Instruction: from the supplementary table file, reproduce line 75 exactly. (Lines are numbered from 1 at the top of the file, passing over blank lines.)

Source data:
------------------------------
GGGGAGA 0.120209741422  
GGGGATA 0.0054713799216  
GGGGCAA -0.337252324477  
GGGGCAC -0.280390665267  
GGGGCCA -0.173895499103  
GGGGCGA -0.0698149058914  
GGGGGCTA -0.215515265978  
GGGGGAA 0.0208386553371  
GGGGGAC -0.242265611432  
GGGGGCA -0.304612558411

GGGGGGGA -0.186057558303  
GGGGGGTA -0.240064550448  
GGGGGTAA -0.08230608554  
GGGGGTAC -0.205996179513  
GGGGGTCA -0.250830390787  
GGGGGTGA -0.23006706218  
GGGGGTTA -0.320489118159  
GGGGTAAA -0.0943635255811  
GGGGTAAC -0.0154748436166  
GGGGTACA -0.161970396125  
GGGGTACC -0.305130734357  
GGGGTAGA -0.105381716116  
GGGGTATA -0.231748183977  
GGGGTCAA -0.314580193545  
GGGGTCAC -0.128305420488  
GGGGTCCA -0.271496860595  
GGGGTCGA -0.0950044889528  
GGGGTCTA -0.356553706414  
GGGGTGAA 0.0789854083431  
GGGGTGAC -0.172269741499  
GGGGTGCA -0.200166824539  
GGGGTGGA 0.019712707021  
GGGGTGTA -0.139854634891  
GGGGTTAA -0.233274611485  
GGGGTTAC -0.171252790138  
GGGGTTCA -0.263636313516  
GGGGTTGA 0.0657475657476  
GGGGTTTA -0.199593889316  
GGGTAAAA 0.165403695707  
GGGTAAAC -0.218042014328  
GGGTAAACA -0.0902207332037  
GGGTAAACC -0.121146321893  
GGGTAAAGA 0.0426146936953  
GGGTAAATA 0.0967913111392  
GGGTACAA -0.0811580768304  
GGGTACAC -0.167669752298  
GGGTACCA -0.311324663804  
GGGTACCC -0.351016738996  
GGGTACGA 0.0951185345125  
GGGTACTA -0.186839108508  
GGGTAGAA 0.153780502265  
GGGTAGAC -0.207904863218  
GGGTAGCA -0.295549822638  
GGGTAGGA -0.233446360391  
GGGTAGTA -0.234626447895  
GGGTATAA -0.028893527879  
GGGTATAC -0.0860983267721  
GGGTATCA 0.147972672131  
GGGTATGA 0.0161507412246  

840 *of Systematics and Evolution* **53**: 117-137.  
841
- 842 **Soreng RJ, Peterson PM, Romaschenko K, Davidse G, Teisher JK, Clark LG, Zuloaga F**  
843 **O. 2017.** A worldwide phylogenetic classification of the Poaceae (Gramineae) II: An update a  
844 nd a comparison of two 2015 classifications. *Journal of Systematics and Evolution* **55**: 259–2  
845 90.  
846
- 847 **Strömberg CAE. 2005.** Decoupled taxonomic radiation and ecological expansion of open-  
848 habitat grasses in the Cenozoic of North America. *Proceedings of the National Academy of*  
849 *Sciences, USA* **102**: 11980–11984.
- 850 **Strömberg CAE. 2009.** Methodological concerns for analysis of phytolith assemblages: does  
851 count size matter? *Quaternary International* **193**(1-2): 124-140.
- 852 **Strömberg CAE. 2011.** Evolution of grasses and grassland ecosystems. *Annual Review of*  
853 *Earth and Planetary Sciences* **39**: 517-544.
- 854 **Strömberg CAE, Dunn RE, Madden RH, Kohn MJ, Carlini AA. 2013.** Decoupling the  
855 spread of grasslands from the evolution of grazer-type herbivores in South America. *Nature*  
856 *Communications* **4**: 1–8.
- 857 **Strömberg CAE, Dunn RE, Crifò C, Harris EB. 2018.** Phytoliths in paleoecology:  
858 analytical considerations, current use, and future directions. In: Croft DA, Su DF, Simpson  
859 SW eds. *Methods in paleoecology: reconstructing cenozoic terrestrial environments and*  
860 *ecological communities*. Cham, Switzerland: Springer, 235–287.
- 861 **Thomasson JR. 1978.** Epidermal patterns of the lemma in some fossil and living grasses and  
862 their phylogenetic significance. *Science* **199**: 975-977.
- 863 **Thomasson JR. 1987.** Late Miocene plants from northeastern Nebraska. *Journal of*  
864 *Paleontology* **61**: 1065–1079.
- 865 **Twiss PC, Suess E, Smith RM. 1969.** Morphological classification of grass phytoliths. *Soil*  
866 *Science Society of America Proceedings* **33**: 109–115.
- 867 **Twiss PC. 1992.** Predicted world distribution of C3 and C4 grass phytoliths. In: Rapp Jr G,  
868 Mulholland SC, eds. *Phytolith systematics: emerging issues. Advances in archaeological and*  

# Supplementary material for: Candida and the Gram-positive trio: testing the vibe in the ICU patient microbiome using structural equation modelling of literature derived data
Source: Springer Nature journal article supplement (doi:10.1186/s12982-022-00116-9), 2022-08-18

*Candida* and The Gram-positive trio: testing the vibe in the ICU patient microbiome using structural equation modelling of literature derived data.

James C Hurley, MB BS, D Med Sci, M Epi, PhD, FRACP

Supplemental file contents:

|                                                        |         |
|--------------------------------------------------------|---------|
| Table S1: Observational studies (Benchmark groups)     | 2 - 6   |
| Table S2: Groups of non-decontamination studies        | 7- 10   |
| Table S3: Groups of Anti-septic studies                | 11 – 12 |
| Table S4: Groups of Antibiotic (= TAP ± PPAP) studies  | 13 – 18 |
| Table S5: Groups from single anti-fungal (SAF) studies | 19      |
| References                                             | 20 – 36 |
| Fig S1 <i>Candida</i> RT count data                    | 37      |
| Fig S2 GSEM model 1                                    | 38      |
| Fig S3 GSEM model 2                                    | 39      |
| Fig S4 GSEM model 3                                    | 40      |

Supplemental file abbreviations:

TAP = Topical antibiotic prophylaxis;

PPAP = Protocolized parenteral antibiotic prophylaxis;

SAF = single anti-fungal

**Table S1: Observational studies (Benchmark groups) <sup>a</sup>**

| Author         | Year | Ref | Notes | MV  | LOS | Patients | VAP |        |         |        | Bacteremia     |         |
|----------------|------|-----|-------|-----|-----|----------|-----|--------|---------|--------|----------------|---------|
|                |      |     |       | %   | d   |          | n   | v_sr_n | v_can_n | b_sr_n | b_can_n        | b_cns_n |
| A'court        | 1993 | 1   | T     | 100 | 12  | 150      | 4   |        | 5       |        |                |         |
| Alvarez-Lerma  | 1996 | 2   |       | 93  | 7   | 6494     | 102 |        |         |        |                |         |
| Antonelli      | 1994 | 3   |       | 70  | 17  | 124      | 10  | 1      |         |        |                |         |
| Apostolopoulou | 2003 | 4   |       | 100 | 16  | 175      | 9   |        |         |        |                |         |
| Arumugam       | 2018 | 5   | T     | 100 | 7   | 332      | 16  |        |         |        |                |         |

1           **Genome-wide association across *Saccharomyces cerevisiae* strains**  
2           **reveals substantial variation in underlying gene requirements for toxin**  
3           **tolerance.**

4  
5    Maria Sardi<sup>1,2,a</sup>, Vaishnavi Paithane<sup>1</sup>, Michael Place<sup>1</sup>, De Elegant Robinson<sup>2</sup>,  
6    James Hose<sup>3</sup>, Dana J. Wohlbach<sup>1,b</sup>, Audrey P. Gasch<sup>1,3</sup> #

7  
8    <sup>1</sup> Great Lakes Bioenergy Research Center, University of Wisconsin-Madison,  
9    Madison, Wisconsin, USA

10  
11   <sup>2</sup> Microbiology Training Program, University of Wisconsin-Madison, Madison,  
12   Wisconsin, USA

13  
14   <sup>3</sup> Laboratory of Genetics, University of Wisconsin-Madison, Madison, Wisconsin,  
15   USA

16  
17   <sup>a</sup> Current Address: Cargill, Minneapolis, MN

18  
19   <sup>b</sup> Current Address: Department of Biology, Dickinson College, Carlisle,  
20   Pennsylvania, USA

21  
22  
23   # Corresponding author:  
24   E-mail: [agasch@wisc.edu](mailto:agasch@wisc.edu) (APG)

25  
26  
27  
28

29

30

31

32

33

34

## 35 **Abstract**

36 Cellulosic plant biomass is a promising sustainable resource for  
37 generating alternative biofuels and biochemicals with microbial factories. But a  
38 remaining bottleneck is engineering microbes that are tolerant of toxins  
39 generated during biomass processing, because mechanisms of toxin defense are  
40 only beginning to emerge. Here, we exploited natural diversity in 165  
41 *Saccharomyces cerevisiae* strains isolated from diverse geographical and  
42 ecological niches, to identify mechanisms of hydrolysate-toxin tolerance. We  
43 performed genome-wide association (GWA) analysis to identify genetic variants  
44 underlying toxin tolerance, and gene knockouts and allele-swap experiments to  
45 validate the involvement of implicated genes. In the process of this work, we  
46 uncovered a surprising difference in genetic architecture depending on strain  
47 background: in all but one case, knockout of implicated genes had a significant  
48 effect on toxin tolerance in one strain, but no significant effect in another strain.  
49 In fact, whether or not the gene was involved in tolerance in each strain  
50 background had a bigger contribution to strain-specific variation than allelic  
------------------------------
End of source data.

855 spread of grasslands from the evolution of grazer-type herbivores in South America. *Nature*  